Charles River Analytics developed Haptics Ontology and Peripheral Layer for Integrative Training Environments (HOPLITE) for the US Army. HOPLITE is an extended reality (XR) toolkit that lets Army instructors create realistic, haptics-integrated training scenarios. These immersive training scenarios let soldiers safely practice stress-inducing, risky operations, such as the Care Under Fire phase of Tactical Combat Casualty Care.
The reactive, uncertain, and fire-focused nature of Care Under Fire cannot be effectively trained in the classroom—what really works are expensive, live action training events. HOPLITE will deliver the same experience at a much lower cost.
“When you look at the Tactical Combat Casualty Care Guidelines, the Care Under Fire training material takes up about a quarter of a page,” said Dr. James Niehaus, Principal Scientist at Charles River Analytics and Principal Investigator on the HOPLITE effort. “It’s simple on paper—return fire, get cover, stop life-threatening external hemorrhages—but incredibly complex and situation-dependent in practice.”
The Charles River team worked with retired combat medics to characterize the real world nuances of Care Under Fire and leverage XR to build a training solution that can truly prepare soldiers for these otherwise hard-to-train, life-or-death situations.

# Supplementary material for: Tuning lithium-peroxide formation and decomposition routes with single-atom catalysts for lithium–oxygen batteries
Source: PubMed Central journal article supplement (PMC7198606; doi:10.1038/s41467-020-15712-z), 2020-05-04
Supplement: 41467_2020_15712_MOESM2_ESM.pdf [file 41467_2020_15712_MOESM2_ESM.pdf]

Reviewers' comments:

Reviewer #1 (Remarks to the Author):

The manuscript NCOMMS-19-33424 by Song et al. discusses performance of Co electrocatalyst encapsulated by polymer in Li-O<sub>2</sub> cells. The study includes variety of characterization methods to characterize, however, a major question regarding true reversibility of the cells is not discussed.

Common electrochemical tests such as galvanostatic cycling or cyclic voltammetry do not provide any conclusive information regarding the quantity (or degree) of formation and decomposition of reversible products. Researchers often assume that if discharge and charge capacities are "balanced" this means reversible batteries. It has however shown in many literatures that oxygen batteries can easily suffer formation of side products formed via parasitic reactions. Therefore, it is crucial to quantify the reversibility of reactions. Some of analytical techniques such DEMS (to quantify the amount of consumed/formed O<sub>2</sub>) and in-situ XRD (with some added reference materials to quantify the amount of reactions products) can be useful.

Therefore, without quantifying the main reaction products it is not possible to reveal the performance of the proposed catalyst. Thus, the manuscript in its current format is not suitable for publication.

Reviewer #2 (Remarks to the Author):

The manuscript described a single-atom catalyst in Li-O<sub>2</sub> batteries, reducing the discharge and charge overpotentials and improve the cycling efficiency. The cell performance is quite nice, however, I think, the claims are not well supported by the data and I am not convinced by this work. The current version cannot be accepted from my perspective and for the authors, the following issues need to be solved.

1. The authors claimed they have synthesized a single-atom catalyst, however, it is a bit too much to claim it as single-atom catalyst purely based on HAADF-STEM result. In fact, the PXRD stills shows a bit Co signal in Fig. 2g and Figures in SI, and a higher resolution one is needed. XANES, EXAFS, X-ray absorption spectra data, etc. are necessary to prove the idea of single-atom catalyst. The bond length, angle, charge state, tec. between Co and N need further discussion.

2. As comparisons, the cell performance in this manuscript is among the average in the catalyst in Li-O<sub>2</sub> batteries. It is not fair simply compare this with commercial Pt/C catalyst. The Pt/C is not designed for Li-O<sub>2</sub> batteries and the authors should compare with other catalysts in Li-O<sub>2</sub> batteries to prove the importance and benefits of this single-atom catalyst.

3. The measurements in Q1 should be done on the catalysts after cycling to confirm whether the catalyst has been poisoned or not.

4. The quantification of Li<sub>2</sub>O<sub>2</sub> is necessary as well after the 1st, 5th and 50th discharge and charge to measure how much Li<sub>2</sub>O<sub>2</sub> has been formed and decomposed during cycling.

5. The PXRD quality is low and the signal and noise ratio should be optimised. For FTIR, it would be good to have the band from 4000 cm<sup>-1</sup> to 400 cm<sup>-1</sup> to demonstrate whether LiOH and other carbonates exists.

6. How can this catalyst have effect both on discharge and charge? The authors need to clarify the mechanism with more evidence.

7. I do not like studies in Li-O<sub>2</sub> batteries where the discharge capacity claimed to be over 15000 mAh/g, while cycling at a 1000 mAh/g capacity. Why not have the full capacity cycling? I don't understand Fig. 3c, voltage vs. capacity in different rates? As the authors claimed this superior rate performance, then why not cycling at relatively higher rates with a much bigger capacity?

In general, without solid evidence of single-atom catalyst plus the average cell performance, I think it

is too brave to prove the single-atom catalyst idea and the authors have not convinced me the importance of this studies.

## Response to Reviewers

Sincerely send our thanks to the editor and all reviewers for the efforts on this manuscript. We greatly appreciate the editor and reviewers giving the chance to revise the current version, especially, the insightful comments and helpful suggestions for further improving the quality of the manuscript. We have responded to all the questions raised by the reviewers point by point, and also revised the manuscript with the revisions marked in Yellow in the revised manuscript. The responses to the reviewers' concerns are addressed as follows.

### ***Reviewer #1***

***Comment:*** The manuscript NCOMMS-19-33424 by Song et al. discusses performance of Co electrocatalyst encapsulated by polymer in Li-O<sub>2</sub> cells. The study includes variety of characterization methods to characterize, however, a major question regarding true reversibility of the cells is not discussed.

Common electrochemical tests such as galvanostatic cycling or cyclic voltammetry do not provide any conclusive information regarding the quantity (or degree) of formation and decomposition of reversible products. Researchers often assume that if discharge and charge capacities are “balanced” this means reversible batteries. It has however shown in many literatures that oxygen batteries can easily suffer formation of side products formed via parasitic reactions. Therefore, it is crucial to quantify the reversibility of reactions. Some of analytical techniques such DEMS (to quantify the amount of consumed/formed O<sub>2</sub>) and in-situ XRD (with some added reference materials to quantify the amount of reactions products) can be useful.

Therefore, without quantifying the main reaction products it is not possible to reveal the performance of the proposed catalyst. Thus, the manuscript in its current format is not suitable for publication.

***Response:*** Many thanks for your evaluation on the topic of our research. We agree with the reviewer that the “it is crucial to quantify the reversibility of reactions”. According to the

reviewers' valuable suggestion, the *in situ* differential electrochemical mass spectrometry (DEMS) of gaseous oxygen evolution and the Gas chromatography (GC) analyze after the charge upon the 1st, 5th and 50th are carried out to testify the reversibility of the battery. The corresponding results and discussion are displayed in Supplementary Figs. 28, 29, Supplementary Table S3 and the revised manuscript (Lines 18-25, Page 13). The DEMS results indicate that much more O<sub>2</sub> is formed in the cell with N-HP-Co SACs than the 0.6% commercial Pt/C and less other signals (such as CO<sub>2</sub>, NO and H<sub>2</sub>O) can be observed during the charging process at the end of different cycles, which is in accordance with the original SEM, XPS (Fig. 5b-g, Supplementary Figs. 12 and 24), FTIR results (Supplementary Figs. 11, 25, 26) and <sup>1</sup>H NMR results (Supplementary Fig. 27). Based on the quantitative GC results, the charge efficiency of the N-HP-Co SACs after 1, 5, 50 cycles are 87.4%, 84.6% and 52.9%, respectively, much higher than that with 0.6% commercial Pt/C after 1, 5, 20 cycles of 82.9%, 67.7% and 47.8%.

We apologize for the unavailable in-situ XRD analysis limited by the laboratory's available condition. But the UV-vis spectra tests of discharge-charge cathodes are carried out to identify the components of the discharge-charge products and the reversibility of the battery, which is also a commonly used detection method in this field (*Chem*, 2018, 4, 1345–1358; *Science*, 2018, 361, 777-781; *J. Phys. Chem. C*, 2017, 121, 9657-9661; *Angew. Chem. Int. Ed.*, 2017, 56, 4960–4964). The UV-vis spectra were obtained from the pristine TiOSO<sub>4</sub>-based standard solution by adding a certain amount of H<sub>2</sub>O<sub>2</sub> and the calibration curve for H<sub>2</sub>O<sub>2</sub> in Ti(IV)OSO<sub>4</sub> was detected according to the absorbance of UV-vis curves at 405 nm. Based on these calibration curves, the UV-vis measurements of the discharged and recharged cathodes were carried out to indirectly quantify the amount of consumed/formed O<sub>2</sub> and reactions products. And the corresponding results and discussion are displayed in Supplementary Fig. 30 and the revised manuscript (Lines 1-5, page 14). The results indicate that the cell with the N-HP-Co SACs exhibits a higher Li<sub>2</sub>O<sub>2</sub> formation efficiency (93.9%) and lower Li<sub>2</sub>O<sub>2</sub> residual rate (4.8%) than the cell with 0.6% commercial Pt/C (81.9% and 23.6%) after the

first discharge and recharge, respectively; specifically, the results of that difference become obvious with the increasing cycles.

The scientists are integrating HOPLITE with haptic feedback systems, such as the HaptX Gloves DK2. Charles River is among the first companies to get access to HaptX’s novel glove technology, which allows users to feel the shape, movement, texture, and weight of virtual objects.
HOPLITE extends Charles River’s open-source XR software development kit, VIRTUOSO SDK (VSDK). Originally applied to improve military medical training and education, VSDK empowers developers to generate naturalistic interactions with content through its reaction system, providing a truly intuitive interaction space. VSDK simplifies XR development, providing a free platform to push the boundaries of XR in healthcare, automotive, entertainment, and other industries.
This material is based upon work supported by the U.S. Army Combat Capabilities Development Command Soldier Center (CCDC SC) SFC Paul Ray Smith Simulation & Training Technology Center (STTC) under contract No. W912CG-20-P-0001. Any opinions, findings and conclusions or recommendations expressed in this material are those of the author(s) and do not necessarily reflect the views of the CCDC-SC STTC.